The impact he had on subsequent generations of architects and designers was profound. His manifold influence continued throughout the nineteenth century, evident in both architecture and stage design, and then reemerged in twentieth-century film-set design. Today, Piranesi’s ideas have surfaced in the work of leading architects such as the Postmodernists Michael Graves, Robert A. M. Stern, and Robert Venturi and Denise Scott Brown, as well as in the Deconstructivist work of Peter Eisenman and Daniel Libeskind.
Piranesi as Designer is the first museum exhibition to present Piranesi’s full range and significance as a designer, by means of etchings, original drawings and objects. The core of this exhibition has been drawn from the riches of the Smithsonian Institution and from New York City public collections, most notably from the Cooper-Hewitt, Morgan, and Avery Libraries.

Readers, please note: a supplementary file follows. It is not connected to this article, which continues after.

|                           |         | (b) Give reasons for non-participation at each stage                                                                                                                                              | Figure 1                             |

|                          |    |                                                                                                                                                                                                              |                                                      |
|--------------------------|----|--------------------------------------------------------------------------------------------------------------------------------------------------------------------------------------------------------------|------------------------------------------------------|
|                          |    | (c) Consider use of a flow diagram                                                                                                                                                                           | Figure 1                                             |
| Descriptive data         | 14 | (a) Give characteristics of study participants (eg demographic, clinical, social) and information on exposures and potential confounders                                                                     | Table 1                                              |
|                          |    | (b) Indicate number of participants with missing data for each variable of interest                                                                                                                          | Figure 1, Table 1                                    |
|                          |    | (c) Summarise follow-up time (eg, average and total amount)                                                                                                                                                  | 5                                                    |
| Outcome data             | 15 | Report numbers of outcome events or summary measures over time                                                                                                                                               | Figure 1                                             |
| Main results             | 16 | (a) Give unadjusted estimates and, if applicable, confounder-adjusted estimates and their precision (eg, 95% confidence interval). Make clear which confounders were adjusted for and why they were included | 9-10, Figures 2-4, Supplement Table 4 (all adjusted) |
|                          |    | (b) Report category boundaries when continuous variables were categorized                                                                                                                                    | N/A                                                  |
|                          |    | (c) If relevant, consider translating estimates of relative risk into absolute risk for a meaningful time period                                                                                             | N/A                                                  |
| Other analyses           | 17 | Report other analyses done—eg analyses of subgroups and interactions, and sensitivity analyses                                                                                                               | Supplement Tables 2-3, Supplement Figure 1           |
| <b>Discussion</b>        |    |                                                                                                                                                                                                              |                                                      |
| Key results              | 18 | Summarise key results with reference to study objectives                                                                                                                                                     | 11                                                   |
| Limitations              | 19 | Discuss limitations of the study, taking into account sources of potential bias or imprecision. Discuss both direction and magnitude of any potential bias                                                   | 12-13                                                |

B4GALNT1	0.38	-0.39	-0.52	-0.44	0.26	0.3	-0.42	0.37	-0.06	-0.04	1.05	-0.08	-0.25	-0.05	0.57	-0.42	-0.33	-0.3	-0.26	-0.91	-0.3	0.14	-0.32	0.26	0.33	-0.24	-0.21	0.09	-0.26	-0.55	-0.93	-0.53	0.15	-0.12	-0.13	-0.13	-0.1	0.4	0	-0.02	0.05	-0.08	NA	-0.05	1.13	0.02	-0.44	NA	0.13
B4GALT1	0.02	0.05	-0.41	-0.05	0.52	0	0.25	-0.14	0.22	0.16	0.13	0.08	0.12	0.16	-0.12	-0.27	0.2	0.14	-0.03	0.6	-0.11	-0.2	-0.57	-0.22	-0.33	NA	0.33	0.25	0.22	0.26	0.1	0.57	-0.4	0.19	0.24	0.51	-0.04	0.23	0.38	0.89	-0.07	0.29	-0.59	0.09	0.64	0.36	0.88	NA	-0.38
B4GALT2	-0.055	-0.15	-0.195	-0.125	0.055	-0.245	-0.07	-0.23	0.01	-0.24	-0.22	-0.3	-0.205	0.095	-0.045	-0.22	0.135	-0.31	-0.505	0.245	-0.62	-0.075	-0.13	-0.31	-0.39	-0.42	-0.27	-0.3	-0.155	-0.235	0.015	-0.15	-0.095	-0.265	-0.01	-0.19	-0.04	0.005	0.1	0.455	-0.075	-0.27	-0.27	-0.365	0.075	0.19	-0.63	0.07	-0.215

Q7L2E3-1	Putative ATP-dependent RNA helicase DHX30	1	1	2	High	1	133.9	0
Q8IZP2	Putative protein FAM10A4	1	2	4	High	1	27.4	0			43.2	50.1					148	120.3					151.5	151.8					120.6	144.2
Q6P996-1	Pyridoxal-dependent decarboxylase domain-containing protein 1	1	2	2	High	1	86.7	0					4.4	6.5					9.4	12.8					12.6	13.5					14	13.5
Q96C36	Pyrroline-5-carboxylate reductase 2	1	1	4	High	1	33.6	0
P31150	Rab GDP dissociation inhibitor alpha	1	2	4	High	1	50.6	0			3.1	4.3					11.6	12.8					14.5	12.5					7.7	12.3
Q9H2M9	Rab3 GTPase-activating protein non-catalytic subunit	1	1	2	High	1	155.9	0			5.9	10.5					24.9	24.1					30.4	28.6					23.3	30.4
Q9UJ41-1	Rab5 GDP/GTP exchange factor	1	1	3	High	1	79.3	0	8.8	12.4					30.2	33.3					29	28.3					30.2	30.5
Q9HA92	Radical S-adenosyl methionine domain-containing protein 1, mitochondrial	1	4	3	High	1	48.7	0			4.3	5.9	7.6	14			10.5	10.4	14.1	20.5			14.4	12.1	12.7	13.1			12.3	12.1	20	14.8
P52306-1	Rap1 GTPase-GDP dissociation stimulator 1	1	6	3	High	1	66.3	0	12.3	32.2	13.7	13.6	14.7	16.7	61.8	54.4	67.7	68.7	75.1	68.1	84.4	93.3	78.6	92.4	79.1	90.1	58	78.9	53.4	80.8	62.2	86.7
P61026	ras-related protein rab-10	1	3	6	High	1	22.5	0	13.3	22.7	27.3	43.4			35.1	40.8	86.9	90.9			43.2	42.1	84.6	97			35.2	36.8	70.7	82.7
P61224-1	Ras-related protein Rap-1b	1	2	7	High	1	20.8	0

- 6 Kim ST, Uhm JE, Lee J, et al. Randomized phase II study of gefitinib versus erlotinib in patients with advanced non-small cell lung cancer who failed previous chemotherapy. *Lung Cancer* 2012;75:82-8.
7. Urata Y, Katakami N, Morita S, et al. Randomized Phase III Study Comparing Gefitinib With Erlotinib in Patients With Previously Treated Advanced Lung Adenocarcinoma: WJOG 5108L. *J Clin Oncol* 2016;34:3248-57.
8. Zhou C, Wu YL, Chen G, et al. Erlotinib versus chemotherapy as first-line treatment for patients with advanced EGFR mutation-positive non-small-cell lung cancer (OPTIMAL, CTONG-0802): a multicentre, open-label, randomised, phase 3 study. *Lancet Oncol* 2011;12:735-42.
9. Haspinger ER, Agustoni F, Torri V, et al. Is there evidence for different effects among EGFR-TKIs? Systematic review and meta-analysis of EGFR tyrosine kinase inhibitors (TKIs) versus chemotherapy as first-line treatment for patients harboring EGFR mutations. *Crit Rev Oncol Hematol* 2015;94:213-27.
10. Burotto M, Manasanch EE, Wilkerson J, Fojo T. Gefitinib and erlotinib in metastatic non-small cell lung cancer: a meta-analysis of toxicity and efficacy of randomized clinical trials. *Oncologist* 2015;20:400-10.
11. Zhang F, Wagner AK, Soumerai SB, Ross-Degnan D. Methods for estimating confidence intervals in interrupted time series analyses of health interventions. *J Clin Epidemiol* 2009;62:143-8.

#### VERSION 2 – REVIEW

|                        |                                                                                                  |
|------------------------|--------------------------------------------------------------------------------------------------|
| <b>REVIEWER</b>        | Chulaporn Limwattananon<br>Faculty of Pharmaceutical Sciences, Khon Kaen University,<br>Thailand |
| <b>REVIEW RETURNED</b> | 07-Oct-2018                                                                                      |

Featured alongside these drawings is an unprecedented display of objects gathered from prestigious collections around the world, especially the magnificent chimneypiece and pier table from the Rijksmuseum in Amsterdam. Together, this testament to Piranesi’s continuing influence eloquently conveys the impact of historic design on the present (italicized for extra-super emphasis - consider it a virtual hit over the head).
Pier table designed for Cardinal Giovanni Battista Rezzonico, ca. 1768. This carved and gilt wood table, together with its pendant (in the Minneapolis Institute of Fine Arts), were integral elements of the lost state rooms of Monsignor Giambattista Rezzonico in the Quirinal Palace. Ornamented by stylized natural forms from antiquity.
Cooper-Hewitt, National Design Museum is located on Museum Mile, at the corner of 91st Street and Fifth Avenue in New York City.
:Cooper-Hewitt, National Design Museum; check out the stunning exhibition website here